Much has been said in recent years about the so-called sandwich generation, those who are effectively “sandwiched” between the needs of their children and those of their aging relatives. According to estimates, there are 42 million American women living this way, and the squeeze they experience is so significant that the New York Academy of Medicine (NYAM) and the National Association of Social Workers (NASW) commissioned a report solely to explore their challenges, titled “Not Ready for Prime Time: The Needs of Sandwich Generation Women, A National Survey of Social Workers.” The report uncovers these women’s deepest concerns, among them a lack of preparedness for handling aging parents’ needs and lack of knowledge about finding outside caregiving help.
Of course, many men of the sandwich generation are subject to the same stressors that plague their female counterparts. But societal pressure still tends to dictate that women are the primary caretakers, and the stress that results from continually putting other people first poses serious health risks.
There are distinct differences between the genders when it comes to stress. First, there’s behavior: Men are more reluctant to report feeling stress, so they “suck it up” and perhaps seek relief in a round of golf or a pint of beer. Women have the impulse to talk about it. Second, there are physiological differences, which may be due to hormones. The typical human reaction to stress is a surge of adrenaline referred to as the “fight or flight” response. But when a woman is under stress, her reproductive hormones may signal her to “tend and befriend” instead, cueing her to turn her attention to others. And this may, in turn, actually increase her stress load.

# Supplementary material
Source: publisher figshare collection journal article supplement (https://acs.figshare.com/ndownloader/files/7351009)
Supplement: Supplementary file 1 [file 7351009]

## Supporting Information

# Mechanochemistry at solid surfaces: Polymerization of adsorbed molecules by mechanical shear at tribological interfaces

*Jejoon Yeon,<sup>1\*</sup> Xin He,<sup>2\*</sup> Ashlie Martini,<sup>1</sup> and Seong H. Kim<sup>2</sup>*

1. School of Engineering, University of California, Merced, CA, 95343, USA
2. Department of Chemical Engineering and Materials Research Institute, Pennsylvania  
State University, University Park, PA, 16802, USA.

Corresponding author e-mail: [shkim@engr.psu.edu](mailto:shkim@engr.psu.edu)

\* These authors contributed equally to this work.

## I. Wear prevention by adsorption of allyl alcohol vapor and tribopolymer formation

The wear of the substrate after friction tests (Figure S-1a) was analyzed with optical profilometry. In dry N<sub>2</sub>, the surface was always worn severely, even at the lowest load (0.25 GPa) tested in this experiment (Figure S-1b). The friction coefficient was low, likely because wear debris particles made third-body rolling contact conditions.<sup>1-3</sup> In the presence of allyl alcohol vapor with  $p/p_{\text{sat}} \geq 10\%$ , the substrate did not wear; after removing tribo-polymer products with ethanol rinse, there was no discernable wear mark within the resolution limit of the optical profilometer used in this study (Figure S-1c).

“I see women at menopausal age who say their lives have been about everyone else, and they haven’t looked at themselves,” says Naomi Boggs, owner of Maya Moon Healing Arts in Boulder, Colorado, whose wellness center is entirely focused on holistic approaches to achieving good health. “But the truth is, if we aren’t caring for ourselves, then no one else benefits from us.”
According to Boggs, too many women are “running in a permanent state of 9-1-1.” And, as a licensed massage therapist and doula, and a certified clinical herbalist, nutritionist, yoga teacher and practitioner of Maya Abdominal Therapy, she surely sees the active toll of this condition. Boggs’ cited list of stress-induced disease includes nervous system disorders, anxiety, sleep problems, chronic pain, chronic inflammation, colds and flu that linger, nutritional deficiency, constipation, endometriosis, ovarian cysts, infertility, and emotional “fuses” that get shorter and shorter. “We’re so busy running from the bear that we’re not digesting our food and we’re not making babies when we want to,” she says. “This is not how our bodies are intended to function.”